The stucco ceilings of Jan Christian Hansche, part 9: Schoonhoven Castle, Aarschot (and Roland Rens)

My quest to find the remaining stucco ceilings of the 17th century artist Jan Christian Hansche is reaching a conclusion. (The story so far: Park Abbey in Leuven; the Chateau de Modave near Namur; the ones that have been destroyed in Germany; the Church of St Nicholas at Perk near Brussels; the Church of St Remigius at Franc-Waret also near Namur; the Church of St Charles Borromeo in Antwerp; two ceilings in Gent; the Sablon in Brussels and Beaulieu Castle in Machelen.)

Yesterday I ventured a little bit to the north of Leuven, to visit Schoonhoven Castle near Aarschot. The castle is the private property of Dr S and Mrs B, who bought it as a ruin in the 1990s and have restored it to a state of glory. Most of the building dates from the 18th century, but the 17th century chapel survived, and the stucco ceiling by Hansche, dated to 1671, has been partially reconstructed by Dr S and Mrs B.

Dr S and Mrs B in the chapel

Sadly, it is the least extensive of any of the surviving Hansche works that I have found. In this panoramic shot of the chapel, you can see the three gilded monograms immediately above the altar:

And here is a closer shot – from left to right, there is the Marian monogram IXXR (actually MAR written together), the standard IHS for her son, and a curious third monogram: a crowned combination of S and, I think, L.

I can’t agree with Marc Van Vaeck who thinks it is a St Joseph monogram; the other letter is clearly an L, not a J, and St Joseph is not usually crowned. The work was commissioned by Charles-Philippe d’Eynatten / Karel-Filips van Eynatten, none of whose initials are S or L in French or in Dutch. S could of course be for Schoonhoven, the name of the castle itself, but the L still baffles me. Charles-Philippe did not marry, and his siblings were Philippe-Gilles, Catherine, Marie-Madeleine and Anna Maria, none of whom has either of the right initials.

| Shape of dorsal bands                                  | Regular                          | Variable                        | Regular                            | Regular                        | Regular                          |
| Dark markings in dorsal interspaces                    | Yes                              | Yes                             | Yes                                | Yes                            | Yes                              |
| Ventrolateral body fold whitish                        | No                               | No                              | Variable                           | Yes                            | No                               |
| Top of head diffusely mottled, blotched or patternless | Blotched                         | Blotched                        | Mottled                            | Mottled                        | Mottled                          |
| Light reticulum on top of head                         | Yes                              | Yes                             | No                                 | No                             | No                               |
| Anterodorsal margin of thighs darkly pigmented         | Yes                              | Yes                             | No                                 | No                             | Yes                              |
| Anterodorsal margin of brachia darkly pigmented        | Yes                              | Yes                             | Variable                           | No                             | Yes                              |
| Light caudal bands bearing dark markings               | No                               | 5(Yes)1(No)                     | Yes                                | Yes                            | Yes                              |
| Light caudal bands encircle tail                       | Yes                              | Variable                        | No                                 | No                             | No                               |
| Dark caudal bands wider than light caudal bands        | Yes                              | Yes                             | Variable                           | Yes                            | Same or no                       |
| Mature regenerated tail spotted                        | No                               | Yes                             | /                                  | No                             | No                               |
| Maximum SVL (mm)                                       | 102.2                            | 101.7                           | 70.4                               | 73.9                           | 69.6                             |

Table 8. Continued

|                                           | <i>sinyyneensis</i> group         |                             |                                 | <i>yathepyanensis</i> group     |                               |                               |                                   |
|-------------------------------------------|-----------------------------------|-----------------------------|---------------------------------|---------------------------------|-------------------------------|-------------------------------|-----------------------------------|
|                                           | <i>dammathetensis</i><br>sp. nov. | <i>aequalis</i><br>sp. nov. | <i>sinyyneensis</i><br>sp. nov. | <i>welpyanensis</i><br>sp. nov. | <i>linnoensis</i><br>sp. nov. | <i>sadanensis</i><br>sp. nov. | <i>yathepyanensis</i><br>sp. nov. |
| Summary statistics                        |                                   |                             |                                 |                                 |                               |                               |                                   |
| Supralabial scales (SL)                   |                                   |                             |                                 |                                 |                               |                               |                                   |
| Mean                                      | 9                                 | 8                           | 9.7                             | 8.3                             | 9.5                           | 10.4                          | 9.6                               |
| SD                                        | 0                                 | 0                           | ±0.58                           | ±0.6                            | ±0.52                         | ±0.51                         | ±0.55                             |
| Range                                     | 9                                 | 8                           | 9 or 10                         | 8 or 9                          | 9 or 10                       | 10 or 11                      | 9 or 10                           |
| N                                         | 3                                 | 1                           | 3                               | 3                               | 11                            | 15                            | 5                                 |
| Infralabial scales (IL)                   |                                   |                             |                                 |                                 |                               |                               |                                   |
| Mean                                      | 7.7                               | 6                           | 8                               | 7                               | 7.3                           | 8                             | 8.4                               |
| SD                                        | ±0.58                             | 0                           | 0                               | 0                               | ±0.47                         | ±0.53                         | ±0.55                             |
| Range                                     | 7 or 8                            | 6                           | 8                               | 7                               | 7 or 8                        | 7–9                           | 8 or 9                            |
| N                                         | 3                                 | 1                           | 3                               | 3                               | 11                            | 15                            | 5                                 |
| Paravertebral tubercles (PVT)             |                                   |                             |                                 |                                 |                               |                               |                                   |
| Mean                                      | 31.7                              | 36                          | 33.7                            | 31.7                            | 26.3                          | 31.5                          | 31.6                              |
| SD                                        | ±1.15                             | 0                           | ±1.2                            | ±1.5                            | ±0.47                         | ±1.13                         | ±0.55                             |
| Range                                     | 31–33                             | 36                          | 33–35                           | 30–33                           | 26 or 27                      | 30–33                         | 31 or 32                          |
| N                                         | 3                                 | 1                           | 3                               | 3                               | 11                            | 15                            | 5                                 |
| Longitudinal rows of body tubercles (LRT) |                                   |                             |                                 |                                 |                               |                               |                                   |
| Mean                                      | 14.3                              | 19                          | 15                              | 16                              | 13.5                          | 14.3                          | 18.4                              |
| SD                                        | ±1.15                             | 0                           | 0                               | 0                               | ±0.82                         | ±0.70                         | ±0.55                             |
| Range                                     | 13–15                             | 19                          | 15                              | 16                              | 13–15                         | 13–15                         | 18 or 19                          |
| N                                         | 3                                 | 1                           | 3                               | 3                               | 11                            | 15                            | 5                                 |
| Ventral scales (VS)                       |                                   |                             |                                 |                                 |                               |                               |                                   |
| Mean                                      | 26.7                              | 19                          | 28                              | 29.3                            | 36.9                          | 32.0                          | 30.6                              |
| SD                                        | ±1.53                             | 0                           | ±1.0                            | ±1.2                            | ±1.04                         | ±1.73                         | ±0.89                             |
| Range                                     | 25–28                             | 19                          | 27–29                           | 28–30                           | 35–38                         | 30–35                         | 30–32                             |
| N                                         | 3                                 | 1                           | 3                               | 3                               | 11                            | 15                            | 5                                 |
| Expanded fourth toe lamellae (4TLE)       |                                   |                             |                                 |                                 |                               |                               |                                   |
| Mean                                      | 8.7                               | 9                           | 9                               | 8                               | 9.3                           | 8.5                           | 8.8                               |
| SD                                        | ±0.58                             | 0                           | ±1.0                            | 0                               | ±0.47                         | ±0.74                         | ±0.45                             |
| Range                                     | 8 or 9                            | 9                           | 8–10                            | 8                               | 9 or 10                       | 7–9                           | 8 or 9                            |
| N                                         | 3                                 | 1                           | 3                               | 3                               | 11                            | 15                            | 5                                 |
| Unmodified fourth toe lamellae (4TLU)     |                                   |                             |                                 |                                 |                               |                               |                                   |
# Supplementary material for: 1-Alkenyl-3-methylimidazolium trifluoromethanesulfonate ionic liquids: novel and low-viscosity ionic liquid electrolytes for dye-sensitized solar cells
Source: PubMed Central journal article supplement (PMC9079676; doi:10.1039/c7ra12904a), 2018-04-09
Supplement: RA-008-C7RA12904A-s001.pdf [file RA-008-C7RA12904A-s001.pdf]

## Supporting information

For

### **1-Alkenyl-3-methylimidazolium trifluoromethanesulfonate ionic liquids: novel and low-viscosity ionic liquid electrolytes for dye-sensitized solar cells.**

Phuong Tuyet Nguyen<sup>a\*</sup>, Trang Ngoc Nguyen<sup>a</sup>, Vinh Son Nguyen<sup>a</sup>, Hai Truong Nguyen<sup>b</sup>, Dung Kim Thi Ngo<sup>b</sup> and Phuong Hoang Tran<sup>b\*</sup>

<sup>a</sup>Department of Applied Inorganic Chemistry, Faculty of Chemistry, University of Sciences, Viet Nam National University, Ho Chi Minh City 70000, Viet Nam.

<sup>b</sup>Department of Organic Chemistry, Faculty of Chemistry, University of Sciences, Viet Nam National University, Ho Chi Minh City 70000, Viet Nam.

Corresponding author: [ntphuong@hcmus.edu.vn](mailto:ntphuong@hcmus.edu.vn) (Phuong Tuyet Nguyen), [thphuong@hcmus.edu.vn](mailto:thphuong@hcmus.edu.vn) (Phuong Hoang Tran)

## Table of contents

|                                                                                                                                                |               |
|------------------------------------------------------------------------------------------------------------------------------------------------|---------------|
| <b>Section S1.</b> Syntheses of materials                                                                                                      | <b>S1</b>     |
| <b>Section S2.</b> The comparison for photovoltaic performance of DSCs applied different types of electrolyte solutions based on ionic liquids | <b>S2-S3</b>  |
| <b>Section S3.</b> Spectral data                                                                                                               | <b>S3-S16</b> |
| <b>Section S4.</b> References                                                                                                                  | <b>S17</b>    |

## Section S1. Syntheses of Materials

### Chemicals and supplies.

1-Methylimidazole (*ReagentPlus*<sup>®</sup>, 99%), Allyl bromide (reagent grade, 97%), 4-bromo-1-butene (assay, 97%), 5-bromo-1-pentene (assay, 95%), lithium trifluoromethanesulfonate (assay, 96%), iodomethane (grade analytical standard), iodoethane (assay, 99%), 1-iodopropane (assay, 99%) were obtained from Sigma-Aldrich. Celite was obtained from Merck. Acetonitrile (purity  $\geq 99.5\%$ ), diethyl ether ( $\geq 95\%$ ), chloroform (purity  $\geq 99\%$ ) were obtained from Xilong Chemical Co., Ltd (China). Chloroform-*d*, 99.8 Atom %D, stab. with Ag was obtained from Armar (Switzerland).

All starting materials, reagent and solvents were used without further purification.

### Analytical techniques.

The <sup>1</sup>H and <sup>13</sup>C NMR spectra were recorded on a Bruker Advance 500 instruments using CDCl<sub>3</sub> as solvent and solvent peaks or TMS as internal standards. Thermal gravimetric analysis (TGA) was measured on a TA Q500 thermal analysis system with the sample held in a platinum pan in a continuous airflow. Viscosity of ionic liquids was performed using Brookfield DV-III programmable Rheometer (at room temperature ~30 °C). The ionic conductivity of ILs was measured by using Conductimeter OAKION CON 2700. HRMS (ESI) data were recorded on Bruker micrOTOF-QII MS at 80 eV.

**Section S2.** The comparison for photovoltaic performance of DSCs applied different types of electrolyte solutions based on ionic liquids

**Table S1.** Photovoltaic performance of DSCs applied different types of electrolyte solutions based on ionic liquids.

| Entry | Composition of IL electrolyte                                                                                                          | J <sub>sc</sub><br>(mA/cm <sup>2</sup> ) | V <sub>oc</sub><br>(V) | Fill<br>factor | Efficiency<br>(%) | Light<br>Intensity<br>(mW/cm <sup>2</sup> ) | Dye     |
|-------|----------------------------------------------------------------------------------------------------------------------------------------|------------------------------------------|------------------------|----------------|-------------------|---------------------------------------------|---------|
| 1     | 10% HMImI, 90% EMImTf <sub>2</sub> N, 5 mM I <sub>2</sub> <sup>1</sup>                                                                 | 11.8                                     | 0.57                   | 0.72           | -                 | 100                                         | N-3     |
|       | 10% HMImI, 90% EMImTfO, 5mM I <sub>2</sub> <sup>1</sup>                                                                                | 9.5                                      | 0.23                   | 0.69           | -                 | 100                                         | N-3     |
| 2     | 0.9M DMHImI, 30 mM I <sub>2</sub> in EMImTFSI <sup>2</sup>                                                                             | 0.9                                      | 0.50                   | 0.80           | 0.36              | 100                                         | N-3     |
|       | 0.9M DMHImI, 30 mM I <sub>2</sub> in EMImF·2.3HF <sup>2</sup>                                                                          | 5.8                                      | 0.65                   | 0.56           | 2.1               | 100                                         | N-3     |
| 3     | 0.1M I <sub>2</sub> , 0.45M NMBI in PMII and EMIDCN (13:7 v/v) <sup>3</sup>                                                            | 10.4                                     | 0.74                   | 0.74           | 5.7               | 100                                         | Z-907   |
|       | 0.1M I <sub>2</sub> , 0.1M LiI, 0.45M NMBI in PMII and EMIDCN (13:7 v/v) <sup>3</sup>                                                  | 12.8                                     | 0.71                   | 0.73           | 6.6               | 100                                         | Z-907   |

We can compare the other two monograms to their equivalents in Hansche’s earlier ceiling in Antwerp. The iconography of the pierced heart is familiar.

There’s also a splendid ceiling lantern, which is however difficult to photograph.

Dr S and Mrs B have only been able to restore the altar end of the chapel. In the attic they have several more pieces of Hansche stucco which they found literally lying on the floor, having fallen off the ceiling, which they have not yet been able to put back – the necessary infrastructure just isn’t there. They kindly allowed me to look at the fragments, which are laid out next to a rather alarming Jesus from a later date, who has also been removed from the chapel. This is literally the closest I have physically got to Hansche’s work, since it’s usually way up high.

Marc Van Vaeck says that originally there were also two scenes of the life of the Holy Family here, one of which was similar to the one Hansche had done a couple of years earlier in Franc-Waret; no trace remains of them. It’s awfully sad that this beautiful art was allowed to decay, but I’m glad that what remains is in the loving hands of Dr S and Mrs B.

I went to nearby Aarschot to buy lunch, and came across two striking modern sculptures there, both by local artist Roland Rens. First is a 1995 tribute to the Grenadier Guards who liberated the town in 1944:

And also the Demerwachter, a mythic figure monitoring the River Demer, and not really looking like he enjoys the assignment:

So, that’s one more Hansche ceiling ticked off my list. I have booked to visit the last surviving Hansche ceiling in Belgium, at the Kasteel van Horst, on 24 April; and I’ve also found a reference suggesting that there is some of his work at Boxmeer Castle in the Netherlands, near to the lost works at Kleve and Wesel, and hope to visit there on 1 May. The quest is the quest!